Fortunately, many Arctic tourism outfits prioritize sustainability, provide support to scientists and conservationists, and set aside profits for charity. For example, our partners for our Arctic adventure (we’ll talk about later in this post) created the Arctic Watch Beluga Foundation, which travelers automatically contribute to just by adventuring with us. A win/win if we ever saw one.
This makes it easier than ever not just to visit the Arctic, but to do so in a way that’s ethical and sustainable.
Note that we said “easier,” not “easy.” You’re bound to face some unique logistical hurdles as you plan an Arctic trip. Let’s break those down.
How To Get To The Arctic Circle and Where To Stay
You can feel the rigors of an Arctic Circle trip long before you touch down. Beyond the research that goes into…
- Knowing the best times (and how!) to view Arctic Wildlife.
- Figuring out what to pack to stay safe and comfortable.
- Setting an itinerary full of seasonally appropriate activities.
…there’s the not-so-simply matter of how to get to the Arctic and where to stay.
As you might imagine, the few airports in the Arctic Circle aren’t exactly major airline hubs. And they certainly don’t get you all the way to the destination-worthy outpost of your dreams. Accommodations look different, too: this isn’t the time to use up those extra points at a major chain hotel. (And that’s a good thing – you don’t want to stay at a Marriott on the tundra, do you?)
All this remoteness is part of the Arctic’s romantic allure. But it means it’s even more important to get your details squared away, correctly, well in advance!
The Arctic touches 8 different countries around the world, but for the rest of this article, we’ll be focusing on a trip to the Canadian Arctic, specifically the province of Nunavut. The northern most fly-camp in the world is here, and where we send intrepid travelers on our Arctic Yoga Adventure.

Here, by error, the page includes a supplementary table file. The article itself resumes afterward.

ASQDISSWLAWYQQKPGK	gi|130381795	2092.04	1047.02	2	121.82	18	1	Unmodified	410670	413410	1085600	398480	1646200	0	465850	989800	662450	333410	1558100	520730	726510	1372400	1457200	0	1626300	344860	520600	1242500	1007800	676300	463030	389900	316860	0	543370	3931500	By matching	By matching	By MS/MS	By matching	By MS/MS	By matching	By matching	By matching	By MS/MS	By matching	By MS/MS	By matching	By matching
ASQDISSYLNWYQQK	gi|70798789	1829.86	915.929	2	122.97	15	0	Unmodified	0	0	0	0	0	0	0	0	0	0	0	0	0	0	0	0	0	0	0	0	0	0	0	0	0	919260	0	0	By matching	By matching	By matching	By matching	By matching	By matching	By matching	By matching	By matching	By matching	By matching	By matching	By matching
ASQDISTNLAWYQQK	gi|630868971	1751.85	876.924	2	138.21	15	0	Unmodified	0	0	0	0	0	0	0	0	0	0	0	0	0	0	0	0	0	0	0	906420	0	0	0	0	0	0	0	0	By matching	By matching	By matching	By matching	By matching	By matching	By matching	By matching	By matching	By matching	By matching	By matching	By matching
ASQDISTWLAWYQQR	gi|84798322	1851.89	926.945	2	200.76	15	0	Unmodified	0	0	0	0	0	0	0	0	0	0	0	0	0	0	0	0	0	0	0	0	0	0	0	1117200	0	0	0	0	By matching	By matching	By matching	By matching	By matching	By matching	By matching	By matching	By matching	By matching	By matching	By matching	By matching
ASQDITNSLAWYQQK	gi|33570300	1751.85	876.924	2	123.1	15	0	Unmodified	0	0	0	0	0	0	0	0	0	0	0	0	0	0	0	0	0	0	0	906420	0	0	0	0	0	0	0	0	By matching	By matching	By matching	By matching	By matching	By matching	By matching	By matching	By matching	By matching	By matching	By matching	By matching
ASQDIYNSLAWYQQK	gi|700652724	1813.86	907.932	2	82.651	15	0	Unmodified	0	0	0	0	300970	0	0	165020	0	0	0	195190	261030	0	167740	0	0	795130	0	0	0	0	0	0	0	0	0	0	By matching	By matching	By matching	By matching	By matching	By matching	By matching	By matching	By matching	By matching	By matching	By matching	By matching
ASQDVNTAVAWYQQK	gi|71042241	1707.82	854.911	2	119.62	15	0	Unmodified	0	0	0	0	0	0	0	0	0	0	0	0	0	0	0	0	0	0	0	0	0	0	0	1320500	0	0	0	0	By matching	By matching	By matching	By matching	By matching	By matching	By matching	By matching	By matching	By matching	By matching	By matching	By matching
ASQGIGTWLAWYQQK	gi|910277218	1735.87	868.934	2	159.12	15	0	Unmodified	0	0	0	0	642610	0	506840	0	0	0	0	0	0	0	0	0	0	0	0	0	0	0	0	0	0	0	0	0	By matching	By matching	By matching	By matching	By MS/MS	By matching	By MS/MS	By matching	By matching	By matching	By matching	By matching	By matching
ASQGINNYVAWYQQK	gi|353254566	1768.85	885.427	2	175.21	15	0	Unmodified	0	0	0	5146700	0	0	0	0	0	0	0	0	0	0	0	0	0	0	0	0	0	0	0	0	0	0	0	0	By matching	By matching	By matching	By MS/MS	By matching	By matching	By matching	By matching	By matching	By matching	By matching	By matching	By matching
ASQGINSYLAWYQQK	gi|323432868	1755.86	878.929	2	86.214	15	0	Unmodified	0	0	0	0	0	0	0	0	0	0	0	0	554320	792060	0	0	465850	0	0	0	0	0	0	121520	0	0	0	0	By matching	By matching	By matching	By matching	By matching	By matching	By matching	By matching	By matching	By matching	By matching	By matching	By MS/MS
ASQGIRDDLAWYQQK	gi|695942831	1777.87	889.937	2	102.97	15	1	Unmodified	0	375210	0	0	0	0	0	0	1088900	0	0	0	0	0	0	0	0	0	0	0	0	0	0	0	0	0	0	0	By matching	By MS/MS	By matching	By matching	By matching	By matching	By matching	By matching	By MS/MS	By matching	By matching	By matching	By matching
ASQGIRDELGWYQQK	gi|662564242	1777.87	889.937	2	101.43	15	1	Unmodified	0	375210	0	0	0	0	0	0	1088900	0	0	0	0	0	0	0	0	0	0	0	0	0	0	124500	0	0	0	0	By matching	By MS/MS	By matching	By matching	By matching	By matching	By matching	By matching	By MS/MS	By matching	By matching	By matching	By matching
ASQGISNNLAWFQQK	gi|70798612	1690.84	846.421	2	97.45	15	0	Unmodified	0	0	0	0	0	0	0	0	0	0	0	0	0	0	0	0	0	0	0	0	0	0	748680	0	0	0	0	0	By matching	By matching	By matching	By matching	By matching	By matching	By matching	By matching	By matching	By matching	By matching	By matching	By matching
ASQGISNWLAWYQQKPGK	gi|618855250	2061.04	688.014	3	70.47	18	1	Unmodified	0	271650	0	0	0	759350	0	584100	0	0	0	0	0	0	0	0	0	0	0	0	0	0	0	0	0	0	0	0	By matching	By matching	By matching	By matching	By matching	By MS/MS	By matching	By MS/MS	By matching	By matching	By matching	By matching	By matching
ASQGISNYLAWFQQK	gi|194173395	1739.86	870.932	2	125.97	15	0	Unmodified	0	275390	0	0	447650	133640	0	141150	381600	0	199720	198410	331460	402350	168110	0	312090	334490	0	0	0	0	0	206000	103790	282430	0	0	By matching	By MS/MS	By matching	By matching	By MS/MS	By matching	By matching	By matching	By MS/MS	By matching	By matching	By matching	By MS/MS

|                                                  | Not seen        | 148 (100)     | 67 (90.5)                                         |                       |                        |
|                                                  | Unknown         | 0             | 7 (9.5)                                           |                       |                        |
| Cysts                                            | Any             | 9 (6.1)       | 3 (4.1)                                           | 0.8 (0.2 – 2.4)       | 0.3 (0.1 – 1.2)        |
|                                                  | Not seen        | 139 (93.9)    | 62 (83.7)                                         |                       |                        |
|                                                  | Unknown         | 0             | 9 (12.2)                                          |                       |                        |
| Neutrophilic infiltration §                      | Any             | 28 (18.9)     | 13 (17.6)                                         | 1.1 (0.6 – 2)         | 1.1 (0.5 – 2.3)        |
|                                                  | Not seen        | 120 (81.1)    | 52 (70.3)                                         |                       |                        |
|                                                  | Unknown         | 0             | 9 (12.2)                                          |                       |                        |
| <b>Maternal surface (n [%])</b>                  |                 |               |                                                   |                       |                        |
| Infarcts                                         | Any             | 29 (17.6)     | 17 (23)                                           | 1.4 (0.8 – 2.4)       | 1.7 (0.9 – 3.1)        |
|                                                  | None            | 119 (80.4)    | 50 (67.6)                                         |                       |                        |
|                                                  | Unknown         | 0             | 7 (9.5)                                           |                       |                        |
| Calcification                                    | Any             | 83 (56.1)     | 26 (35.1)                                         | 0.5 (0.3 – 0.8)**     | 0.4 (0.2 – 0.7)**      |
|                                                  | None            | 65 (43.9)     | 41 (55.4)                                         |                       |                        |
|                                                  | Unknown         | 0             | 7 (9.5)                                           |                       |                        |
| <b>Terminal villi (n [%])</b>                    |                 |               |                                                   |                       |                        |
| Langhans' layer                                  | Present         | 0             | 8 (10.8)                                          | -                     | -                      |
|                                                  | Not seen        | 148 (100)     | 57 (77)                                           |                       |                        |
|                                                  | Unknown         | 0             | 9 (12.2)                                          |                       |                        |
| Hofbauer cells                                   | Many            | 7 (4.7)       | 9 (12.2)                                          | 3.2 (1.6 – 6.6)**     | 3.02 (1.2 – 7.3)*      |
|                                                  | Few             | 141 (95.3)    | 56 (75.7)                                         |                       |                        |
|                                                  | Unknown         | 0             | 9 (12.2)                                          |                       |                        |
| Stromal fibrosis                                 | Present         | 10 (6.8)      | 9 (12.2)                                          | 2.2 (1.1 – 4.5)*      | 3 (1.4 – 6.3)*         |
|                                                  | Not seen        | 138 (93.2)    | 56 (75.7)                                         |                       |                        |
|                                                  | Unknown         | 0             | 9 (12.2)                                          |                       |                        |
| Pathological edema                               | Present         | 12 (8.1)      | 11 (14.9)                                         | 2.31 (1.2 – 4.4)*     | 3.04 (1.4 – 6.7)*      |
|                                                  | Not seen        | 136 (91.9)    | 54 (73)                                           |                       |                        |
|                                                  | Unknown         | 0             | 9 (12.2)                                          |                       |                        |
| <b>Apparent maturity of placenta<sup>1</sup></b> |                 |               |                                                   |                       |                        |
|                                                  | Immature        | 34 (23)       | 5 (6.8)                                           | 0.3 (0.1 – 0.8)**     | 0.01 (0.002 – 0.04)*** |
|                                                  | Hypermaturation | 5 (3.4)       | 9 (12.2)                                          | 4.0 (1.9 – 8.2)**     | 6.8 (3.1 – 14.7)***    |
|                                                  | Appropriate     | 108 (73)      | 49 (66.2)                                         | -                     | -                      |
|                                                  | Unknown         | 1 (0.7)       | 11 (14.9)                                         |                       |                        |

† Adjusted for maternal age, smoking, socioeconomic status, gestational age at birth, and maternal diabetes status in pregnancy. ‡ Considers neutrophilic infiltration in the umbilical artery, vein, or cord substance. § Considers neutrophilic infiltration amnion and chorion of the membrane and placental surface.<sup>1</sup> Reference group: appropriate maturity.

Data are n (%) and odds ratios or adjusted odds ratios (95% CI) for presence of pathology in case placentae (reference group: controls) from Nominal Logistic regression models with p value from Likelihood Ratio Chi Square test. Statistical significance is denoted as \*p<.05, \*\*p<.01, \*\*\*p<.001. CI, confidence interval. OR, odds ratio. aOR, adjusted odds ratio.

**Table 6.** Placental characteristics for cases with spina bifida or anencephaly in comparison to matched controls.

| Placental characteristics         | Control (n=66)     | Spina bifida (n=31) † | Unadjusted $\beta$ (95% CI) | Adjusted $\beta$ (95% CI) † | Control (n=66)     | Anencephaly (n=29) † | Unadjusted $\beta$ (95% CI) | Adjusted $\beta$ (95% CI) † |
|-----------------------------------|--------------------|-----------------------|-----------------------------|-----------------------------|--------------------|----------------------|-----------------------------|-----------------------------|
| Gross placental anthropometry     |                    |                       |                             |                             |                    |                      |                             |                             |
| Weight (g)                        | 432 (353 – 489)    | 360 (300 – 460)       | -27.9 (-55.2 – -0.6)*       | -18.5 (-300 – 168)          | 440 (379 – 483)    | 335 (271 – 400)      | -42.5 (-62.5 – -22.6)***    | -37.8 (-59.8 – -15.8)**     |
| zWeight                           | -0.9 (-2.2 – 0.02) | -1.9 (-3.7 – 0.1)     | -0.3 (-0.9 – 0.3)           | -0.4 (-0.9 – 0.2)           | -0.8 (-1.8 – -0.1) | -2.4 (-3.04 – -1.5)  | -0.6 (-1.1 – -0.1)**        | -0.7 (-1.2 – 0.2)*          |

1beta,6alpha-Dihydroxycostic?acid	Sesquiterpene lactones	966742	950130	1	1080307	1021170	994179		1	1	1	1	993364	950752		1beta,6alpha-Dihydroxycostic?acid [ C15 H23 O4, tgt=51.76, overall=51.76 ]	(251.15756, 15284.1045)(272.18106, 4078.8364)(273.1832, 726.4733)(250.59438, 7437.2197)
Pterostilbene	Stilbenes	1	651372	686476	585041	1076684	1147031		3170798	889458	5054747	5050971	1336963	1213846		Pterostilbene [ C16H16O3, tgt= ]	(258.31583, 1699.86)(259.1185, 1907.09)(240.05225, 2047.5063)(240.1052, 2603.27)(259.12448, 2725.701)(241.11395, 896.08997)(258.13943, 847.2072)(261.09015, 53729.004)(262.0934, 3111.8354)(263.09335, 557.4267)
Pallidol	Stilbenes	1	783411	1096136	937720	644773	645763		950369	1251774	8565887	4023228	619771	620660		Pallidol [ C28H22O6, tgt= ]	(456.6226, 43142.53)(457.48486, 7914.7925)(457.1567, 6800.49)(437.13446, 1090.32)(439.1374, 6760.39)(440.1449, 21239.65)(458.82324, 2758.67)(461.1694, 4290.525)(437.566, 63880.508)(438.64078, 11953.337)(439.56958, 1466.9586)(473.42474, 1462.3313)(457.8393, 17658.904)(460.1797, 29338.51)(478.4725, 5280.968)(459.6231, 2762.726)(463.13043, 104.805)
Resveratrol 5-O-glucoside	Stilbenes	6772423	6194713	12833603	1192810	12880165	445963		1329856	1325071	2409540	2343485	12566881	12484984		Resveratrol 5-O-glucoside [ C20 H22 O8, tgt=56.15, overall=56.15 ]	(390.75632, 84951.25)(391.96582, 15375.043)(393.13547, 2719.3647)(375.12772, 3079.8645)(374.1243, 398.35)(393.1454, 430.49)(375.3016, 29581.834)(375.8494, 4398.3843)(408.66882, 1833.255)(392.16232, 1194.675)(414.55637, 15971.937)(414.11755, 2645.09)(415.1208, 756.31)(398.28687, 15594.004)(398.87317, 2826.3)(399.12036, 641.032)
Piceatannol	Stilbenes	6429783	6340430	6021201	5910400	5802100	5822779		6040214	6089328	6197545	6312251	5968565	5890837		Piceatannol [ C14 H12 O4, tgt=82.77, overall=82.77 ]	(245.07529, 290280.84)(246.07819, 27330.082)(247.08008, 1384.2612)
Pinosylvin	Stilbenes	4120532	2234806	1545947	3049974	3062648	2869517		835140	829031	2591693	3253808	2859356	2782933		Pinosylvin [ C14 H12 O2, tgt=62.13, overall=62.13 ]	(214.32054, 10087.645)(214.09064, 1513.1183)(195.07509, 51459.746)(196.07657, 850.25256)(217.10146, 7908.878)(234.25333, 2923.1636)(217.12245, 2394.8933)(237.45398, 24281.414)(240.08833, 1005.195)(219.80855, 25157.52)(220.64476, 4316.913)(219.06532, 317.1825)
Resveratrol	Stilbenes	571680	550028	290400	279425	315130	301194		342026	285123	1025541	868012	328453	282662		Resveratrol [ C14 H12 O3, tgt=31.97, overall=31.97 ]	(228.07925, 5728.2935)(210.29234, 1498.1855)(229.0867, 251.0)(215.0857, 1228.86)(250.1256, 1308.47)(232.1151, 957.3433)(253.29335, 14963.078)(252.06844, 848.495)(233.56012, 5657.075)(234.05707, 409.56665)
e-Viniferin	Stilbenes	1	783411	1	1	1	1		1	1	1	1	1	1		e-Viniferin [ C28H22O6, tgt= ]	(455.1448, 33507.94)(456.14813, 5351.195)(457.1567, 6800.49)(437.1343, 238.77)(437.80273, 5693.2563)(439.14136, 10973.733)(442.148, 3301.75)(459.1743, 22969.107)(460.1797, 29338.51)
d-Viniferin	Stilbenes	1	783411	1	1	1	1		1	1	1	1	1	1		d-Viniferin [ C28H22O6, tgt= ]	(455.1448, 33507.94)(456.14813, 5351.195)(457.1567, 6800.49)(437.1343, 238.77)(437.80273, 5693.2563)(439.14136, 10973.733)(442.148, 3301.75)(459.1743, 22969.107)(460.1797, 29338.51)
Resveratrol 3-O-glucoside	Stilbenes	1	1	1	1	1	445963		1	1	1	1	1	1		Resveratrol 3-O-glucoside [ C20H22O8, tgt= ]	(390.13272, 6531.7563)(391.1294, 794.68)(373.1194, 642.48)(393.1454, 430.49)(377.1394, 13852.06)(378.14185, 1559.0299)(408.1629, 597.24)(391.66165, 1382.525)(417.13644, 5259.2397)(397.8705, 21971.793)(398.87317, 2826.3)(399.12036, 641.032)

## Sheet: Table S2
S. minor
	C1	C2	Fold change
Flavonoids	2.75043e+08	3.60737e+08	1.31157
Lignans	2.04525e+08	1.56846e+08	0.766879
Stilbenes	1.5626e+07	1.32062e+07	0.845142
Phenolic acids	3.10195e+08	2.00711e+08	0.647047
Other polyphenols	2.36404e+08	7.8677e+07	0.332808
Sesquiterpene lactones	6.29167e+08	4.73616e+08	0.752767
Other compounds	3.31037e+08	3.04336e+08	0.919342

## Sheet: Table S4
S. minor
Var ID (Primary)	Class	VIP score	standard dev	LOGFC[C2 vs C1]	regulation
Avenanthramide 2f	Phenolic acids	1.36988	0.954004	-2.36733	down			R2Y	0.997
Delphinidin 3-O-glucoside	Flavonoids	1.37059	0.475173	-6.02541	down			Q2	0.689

Instead of a hotel and a direct airline flight, here’s what you should expect:
The Destination: a Wilderness Lodge – Nunavut, Canada
A wilderness lodge is a remote outpost that acts as a home base for seasoned adventurers and first-time visitors alike. This is your hotel alternative on the tundra.
Our destination, Arctic Watch, happens to be the most northerly fly-in wilderness lodge in the world. At 74 degrees north, it sits at the shore of the Northwest Passage on Somerset Island. Though the buildings look a little bit like those “bubbles” that house sporting events, don’t let appearances fool you! Your room comes furnished with thick duvets and heavy curtains to block out the midnight sun. Meals are gourmet and as locally sourced as possible (fresh Arctic char anyone?).
The lodge is accessible by weekly charter flights, which brings us right back to transportation.
The Journey: Charter Flight from Yellowknife, Canada
The most common way to get to a remote outpost in Canadian Arctic is a combination of commercial and charter air travel, and our destination on Somerset Island is no different.
Your first step: take a regularly scheduled airline flight to Yellowknife, Northwest Territories (YZF). This airport serves as Northwest Canada’s major hub for charter companies, which carry passengers to dozens of far-off destinations just like ours.